What's encouraging is that there are plenty of other prominent people in the Russian film industry who understand how bad the new initiatives are.

Oscar winner Nikita Mikhalkov, a filmmaker who is about as symbolic of the establishment as the red walls of the Kremlin, has spoken out against blanket restrictions on obscenity and blanket requirements on distribution certificates. A lot of Mikhalkov's movies deal with war, and he is aware, for example, that soldiers under fire tend to swear sometimes — shocking, I know! Similarly, Mikhalkov knows that the Russian festival scene will not be able to function should it be legally equated with the commercial movie market.

Also encouraging was the Culture Ministry's statement on the matter of distribution certificates. The ministry shares the concerns of those who see something dangerously amiss with the new legislation.

Both Mikhalkov and the Culture Ministry have shown us that in order to reform the Russian arts scene, you need to operate within the bounds of reality. Have issues with obscene language? Strengthen the existing ratings system and make distributors specify what kind of potentially objectionable material is included. Worried about said objectionable material on the festival scene? Make sure already existing requirements for public screenings are up-to-date and enforced.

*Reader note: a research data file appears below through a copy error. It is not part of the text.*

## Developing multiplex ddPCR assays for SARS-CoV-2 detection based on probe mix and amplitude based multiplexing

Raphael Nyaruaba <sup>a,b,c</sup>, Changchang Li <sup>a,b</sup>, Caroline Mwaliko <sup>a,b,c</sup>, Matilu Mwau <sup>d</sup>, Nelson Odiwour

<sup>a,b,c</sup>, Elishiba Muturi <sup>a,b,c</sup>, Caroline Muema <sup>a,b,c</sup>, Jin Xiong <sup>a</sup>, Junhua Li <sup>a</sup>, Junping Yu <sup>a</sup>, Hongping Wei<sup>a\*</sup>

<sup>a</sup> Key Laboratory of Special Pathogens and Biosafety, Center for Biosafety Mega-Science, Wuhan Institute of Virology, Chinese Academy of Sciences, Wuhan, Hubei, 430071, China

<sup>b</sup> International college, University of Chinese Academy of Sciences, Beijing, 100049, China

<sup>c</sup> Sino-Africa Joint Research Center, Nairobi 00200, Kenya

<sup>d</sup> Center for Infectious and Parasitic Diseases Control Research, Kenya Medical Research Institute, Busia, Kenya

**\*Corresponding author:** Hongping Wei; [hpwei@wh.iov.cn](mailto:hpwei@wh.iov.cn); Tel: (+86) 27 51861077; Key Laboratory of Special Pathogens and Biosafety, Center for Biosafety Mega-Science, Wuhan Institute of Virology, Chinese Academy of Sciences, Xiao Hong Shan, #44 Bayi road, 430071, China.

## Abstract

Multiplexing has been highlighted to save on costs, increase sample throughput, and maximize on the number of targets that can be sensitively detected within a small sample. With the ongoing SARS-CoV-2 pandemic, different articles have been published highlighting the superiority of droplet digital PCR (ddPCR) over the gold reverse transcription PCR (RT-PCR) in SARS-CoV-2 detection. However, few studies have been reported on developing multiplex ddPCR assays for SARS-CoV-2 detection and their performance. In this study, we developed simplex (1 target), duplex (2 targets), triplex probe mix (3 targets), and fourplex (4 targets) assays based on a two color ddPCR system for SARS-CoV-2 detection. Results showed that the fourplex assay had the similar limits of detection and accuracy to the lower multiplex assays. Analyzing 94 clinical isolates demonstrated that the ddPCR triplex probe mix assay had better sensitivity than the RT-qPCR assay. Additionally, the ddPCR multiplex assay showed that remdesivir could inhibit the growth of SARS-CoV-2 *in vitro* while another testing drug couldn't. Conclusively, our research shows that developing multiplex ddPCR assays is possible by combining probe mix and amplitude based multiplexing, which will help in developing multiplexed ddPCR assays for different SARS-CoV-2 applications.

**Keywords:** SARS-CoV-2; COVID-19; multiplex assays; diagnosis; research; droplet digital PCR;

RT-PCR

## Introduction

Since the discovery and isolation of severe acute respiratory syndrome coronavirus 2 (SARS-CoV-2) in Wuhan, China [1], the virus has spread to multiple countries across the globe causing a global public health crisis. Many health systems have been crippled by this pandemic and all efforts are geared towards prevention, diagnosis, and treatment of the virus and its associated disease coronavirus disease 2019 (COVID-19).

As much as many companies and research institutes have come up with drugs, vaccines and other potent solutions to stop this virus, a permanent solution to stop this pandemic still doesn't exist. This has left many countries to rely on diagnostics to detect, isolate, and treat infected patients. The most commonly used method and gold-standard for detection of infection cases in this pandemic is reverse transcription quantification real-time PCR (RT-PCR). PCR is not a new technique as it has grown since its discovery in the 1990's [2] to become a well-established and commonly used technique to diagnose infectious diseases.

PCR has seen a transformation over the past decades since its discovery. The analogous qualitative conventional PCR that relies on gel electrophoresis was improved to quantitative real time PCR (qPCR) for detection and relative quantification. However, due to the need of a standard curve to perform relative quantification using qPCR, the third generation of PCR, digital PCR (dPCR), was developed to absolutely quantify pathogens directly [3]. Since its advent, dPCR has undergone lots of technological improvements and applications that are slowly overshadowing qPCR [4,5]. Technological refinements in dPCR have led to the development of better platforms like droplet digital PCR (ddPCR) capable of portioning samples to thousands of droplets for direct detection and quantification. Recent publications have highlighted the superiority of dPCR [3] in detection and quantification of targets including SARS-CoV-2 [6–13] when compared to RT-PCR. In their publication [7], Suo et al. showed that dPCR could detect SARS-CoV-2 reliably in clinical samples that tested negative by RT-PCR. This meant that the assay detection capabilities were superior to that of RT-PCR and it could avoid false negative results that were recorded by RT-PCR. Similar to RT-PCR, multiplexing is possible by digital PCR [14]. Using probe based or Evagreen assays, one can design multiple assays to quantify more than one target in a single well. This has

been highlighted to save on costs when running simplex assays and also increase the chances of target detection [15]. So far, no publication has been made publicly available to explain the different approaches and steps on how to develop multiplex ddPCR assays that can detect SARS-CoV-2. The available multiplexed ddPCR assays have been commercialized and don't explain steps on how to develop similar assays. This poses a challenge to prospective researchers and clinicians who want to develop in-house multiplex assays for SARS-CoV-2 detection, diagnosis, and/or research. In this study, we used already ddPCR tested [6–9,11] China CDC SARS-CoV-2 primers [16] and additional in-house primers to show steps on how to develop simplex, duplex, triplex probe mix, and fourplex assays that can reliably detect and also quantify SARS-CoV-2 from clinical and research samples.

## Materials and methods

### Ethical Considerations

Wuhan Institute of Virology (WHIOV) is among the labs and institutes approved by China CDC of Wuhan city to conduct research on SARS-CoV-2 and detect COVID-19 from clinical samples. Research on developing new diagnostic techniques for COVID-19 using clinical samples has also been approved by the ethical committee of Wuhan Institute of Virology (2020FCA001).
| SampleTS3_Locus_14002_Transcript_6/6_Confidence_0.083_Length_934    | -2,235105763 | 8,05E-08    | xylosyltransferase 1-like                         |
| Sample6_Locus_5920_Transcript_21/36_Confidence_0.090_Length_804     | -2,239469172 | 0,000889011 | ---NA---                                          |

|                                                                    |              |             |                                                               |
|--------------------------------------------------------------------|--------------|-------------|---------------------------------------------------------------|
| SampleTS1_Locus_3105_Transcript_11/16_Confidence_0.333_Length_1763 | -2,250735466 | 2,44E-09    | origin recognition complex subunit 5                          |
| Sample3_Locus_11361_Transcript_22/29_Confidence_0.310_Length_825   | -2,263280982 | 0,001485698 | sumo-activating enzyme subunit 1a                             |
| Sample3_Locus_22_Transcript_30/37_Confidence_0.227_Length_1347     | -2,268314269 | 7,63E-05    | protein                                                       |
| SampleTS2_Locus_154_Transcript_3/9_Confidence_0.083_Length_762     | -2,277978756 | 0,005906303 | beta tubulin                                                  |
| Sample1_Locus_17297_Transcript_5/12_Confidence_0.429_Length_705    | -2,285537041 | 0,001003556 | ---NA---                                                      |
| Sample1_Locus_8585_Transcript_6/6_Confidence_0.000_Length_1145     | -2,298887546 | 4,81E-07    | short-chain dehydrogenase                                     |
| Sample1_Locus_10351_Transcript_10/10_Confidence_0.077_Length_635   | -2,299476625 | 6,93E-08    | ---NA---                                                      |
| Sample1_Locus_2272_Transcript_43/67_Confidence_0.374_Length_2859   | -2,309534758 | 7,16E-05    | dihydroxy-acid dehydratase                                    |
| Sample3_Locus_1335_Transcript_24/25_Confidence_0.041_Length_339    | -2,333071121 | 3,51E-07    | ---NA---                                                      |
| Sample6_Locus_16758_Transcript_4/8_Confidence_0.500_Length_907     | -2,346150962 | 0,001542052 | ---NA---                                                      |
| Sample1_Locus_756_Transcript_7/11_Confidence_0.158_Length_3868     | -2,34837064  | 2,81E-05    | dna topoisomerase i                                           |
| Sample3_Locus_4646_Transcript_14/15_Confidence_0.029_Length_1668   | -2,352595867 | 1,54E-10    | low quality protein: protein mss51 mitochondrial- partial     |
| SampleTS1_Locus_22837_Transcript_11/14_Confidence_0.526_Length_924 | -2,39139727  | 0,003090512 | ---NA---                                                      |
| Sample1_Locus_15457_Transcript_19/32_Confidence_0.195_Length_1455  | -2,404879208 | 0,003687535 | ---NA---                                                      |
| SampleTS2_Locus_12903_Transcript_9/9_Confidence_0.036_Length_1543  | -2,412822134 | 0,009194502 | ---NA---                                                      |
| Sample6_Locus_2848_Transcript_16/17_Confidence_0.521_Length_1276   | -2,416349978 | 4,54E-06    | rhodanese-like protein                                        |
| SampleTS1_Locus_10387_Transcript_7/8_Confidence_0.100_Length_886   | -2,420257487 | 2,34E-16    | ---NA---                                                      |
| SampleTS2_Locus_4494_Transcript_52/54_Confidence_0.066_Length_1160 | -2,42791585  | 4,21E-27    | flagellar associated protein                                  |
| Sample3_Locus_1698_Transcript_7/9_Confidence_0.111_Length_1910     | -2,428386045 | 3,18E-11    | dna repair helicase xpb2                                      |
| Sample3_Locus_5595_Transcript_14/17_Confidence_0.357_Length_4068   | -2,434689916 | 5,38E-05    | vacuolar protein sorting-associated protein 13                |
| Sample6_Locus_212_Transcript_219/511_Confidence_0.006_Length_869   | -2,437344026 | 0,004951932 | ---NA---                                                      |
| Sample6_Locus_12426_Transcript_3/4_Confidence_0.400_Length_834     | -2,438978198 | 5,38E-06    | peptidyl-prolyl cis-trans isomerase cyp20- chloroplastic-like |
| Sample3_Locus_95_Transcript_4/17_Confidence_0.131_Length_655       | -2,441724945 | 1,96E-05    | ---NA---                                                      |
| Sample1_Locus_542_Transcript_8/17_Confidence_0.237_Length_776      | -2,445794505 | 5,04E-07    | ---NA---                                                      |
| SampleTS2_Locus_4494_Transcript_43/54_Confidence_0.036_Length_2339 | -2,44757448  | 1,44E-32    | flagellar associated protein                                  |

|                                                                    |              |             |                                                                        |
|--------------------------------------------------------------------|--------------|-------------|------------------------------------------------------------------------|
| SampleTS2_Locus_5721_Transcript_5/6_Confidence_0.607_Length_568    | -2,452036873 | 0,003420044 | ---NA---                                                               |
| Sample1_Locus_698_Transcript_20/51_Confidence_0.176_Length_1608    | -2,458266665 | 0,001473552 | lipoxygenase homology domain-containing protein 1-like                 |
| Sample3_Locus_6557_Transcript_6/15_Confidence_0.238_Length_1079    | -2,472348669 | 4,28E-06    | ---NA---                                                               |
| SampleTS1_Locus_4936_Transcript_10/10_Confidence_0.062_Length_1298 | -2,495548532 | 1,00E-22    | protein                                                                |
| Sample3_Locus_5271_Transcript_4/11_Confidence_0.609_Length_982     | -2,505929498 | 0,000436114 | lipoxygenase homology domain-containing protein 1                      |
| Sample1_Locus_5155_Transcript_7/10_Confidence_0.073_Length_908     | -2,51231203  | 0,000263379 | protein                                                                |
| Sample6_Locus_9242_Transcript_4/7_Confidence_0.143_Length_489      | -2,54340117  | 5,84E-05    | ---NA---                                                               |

Meanwhile, none of the recent legal efforts will do anything to change Russia's obscenity-laced street language. That's because street culture isn't created through watching movies, but in orphanages, prisons, factory towns and other generally rough places that aren't going away anytime soon.

No matter how many new prohibitions on the arts are passed in Russia, these places themselves aren't going to disappear in a hurry. Pretending they don't exist won't make them go away either. One of these days, lawmakers, even ones like Govorukhin, will have to contend with that fact, and nervous breakdowns caused by reading too much Mayakovsky will seem like a piece of cake in comparison.

Natalia Antonova is an American playwright and journalist.